Fans who mourned the closing of El Bulli in 2011 got a chance to buy a piece of its history at a Sotheby’s (BID) auction in Hong Kong yesterday.
Chef Ferran Adria hung up his apron, announcing the Michelin three-star restaurant would be transformed into the nonprofit El Bulli Foundation, a culinary think tank and visitor center.
To help finance it, the auction sold HK$14.1 million ($1.82 million) worth of wine, kitchen utensils, signed chef’s jackets and a 48-hour “El Bulli experience” including a tour led by Adria and dinner for four at his brother’s restaurant.
“I am very, very happy,” Adria said after the auction. “The money we have raised will go a long way to helping us get the construction going.”
The new center will cost 6 million euros ($7.7 million) to build and 3 million euros a year to run when it opens in 2015.
“It’s going to be a mix of Cirque du Soleil, the Museo Dali in Barcelona and MIT’s media lab,” Adria said before the sale, sitting in Sotheby’s (BID) Hong Kong gallery. “One cocktail and that’s the new El Bulli.”
Adria is getting sponsorship from Telefonica SA (TEF), and will raise more money in a second auction in New York on April 26.
“We want to promote innovation using food as our channel,” Adria said, wearing a black collarless shirt and jacket and faded dark jeans on Monday. “We have two missions. One is to keep the El Bulli legacy and the knowhow and the buildings. The second is to create the creators. I hope one or two of the 30 creative people we get each year will be the next generation of leaders of the culinary revolution.”
The dinner for four sold for HK$220,500 ($28,400, or more than $7,000 per head). When the hammer went down on a set of 10 Laguiole horn handled knives engraved with “el Bulli” selling for HK$73,500 (compared with a suggested opening price of HK$8,000) Adria and his colleagues clinked their glasses of Dom Perignon with delight.
Adria, 50, is known for his creative gastronomy, with innovations such as beetroot foam, parmesan ice cream and spherification, where food essences are enclosed in bubbles made of themselves. (The first was a liquid pea ravioli.)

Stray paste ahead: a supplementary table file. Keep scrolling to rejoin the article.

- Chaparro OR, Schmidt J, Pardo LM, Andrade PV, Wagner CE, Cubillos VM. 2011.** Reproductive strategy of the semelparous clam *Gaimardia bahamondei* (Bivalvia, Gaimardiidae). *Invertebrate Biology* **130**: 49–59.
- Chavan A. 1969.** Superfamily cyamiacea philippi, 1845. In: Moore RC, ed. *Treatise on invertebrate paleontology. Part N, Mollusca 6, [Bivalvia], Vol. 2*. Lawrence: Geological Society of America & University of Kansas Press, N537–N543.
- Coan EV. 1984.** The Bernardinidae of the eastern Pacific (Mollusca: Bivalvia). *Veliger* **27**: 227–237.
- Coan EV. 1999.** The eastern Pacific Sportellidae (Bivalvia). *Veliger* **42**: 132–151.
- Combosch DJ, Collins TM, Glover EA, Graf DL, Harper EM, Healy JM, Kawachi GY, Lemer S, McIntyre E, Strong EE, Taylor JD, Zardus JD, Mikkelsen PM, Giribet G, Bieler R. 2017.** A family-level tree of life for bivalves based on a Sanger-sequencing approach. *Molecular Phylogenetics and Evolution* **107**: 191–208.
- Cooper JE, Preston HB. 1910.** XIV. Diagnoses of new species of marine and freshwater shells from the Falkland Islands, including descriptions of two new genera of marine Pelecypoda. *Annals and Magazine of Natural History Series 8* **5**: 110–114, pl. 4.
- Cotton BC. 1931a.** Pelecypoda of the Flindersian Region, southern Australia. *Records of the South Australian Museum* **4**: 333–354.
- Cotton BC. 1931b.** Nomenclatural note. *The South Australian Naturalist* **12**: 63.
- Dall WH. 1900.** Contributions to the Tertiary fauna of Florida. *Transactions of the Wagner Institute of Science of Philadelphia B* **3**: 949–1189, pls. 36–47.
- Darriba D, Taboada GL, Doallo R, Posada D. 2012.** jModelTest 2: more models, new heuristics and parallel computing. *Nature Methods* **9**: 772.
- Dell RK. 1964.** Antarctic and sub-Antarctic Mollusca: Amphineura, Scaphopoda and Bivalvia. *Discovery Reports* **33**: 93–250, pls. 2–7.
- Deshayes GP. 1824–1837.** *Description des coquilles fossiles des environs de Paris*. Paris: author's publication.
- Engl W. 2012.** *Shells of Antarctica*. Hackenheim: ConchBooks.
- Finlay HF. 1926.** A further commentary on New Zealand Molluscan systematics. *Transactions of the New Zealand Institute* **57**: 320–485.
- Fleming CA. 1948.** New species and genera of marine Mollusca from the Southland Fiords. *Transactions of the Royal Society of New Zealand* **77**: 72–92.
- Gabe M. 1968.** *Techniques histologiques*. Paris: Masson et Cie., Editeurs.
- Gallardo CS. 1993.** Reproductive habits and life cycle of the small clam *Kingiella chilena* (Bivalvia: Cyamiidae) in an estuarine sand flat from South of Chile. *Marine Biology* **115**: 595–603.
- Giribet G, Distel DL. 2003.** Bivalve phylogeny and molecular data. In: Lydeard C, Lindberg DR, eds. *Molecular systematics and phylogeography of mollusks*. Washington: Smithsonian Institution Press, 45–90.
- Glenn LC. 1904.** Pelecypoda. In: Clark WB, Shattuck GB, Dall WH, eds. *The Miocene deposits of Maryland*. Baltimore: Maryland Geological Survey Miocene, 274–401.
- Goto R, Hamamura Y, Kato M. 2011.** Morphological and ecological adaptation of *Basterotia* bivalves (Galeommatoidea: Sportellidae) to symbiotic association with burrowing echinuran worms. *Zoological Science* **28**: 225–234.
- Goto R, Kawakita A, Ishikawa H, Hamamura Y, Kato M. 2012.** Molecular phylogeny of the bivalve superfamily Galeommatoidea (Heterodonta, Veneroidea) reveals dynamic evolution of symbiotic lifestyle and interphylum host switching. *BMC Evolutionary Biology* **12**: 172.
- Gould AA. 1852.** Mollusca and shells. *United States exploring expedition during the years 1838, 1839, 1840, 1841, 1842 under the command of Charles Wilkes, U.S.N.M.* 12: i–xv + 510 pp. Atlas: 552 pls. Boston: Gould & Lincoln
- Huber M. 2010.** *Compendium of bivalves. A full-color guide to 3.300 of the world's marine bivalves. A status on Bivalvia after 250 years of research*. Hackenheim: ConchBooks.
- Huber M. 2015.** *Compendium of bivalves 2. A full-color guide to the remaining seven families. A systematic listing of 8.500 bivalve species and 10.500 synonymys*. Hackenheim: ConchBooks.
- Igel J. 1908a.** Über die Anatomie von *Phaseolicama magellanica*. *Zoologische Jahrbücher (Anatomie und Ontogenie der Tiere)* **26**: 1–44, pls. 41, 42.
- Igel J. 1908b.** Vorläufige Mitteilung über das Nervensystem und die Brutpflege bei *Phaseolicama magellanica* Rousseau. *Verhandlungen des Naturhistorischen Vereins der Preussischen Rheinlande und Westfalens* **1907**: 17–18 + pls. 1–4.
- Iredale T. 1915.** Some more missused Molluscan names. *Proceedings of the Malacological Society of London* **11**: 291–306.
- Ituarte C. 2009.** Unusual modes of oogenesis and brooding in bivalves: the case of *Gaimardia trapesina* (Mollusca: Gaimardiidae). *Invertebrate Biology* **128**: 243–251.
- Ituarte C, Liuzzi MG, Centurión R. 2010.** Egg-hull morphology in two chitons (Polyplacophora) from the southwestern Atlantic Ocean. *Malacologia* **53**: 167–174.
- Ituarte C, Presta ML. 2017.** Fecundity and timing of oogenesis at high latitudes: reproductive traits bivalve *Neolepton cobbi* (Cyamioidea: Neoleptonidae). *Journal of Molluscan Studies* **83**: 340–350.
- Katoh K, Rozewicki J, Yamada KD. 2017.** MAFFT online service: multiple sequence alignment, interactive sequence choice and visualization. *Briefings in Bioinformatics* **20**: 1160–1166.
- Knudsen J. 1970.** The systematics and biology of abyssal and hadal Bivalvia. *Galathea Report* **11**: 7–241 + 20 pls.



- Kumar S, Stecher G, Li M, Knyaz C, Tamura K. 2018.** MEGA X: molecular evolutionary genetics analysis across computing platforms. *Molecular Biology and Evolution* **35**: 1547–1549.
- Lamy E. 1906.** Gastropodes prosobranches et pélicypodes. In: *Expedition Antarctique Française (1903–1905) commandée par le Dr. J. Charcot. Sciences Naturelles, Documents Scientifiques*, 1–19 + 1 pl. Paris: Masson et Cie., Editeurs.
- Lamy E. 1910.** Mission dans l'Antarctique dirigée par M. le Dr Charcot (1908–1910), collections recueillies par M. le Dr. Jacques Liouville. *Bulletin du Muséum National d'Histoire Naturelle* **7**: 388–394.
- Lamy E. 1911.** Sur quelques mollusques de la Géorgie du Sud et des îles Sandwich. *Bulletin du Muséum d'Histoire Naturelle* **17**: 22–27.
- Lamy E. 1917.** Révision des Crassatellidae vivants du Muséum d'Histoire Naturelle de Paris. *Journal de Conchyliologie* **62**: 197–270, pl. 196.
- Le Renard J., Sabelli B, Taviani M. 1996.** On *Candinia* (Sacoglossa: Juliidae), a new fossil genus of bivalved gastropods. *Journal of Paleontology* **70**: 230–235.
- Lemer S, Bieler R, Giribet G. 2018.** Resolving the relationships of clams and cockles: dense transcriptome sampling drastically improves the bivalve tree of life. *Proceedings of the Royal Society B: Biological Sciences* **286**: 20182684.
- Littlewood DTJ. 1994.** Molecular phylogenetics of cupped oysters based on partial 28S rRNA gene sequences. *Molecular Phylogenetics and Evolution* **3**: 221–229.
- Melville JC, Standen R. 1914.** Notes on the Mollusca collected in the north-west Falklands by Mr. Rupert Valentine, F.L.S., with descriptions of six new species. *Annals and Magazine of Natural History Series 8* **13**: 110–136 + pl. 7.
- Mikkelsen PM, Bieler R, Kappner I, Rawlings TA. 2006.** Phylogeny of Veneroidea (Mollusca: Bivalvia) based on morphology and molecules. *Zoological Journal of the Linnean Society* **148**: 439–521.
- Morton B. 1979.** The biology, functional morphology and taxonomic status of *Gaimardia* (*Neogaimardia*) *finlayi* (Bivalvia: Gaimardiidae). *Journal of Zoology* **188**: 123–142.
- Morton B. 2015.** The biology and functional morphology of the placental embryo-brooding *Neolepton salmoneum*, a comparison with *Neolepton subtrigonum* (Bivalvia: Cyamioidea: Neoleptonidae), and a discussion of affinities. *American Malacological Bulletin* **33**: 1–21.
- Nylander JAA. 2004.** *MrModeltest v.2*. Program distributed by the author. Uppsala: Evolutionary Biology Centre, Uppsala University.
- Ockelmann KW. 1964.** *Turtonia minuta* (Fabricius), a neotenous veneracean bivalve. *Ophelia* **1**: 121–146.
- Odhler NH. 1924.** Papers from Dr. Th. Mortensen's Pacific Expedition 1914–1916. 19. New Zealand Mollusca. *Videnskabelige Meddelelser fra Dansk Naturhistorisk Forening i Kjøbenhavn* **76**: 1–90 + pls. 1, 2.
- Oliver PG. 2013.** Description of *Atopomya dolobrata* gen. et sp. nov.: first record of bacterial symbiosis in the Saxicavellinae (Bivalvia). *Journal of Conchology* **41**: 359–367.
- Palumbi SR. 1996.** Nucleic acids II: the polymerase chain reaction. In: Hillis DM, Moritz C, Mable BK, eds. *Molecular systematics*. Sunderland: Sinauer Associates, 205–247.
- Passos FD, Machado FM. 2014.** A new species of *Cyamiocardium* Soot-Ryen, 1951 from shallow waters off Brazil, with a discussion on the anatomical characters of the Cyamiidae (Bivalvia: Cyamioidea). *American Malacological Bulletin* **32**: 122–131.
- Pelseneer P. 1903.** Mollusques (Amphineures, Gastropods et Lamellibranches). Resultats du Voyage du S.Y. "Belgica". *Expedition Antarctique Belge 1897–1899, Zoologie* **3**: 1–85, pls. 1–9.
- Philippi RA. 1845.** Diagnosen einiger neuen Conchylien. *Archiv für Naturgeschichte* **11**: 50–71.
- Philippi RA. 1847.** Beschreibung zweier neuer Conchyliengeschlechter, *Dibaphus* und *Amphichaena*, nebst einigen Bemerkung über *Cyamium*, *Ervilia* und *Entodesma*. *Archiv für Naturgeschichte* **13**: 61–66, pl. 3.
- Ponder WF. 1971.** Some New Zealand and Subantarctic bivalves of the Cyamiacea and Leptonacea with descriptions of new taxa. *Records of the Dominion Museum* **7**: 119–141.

His tasting menus consisting of as many as 48 courses attracted more than one million reservation requests per year for just 8,000 meals served.
“The problem is that haute cuisine is experienced by a small number of people,” he said, explaining he expects as many as 120,000 per year to visit the exhibition center where they can watch chefs experiment. “It’s more democratic.”
Elitism isn’t completely off the menu. Another important source of finance will come from selling between 100 and 200 exclusive memberships (prices to be determined), enabling the holders to take advantage of the one month per year he will serve meals. To become entirely self funding, the foundation needs to raise 100 million euros by 2050.
The foundation will incorporate suggestions from students at the Harvard Business School who won a competition to come up with ideas on innovation and organization.
Speaking in broken English, some heavily accented French and Spanish through a translator in the interview, Adria riffed on everything from critics (necessary) to flatware versus chopsticks (they both have their place in global cuisine.)
On obesity, he lost 20 kilos (he now weighs 80 kilos) after co-authoring a cookbook in 2010 with Valentin Fuster, a prominent cardiologist. On food safety, he said it is “very serious, not just in China but in general.”
Adria’s creations were so novel that his team needed to design new dishes for them. Some were inspired by folded paper, and look like metal origami, though Adria assures me that the their strong resemblance to the cladding of Frank Gehry’s Guggenheim Museum in Bilbao is purely coincidental.
He jumped up from his chair to display a metal snack tray that fits like a piece of crumpled body armor on his forearm, and mimes “serving communion.”
Though Adria said Champagne is the best companion to his culinary marathons -- he is partial to Dom Perignon 1964 -- El Bulli built up an extensive cellar of French, Spanish, Australian and American wines.
The top lot in the Hong Kong sale containing three bottles of Domaine de la Romanee-Conti 1990 sold for HK$563,500 compared with a presale estimate of HK$260,000 to HK$380,000.
Adria, whose culinary experiments have produced 1,846 different dishes in the past 30 years, said wine is the one thing he hasn’t dared tamper with.
“Can I de-construct wine? Yes, but it would be unethical,” he said. “Of course I could take a bottle of Dom Perignon and add a bit of Romanee-Conti and call it Dom Perignon rose, but my sommelier would kill me.”
Including the el Bulli sale, Sotheby’s sold HK$43.2 million ($5.6 million) of wine during the first day of its spring auctions, which run from April 3 through April 8.
(Frederik Balfour is a reporter-at-large for Muse, the arts and leisure section of Bloomberg News. Opinions expressed are his own. This interview is adapted from a longer conversation.)
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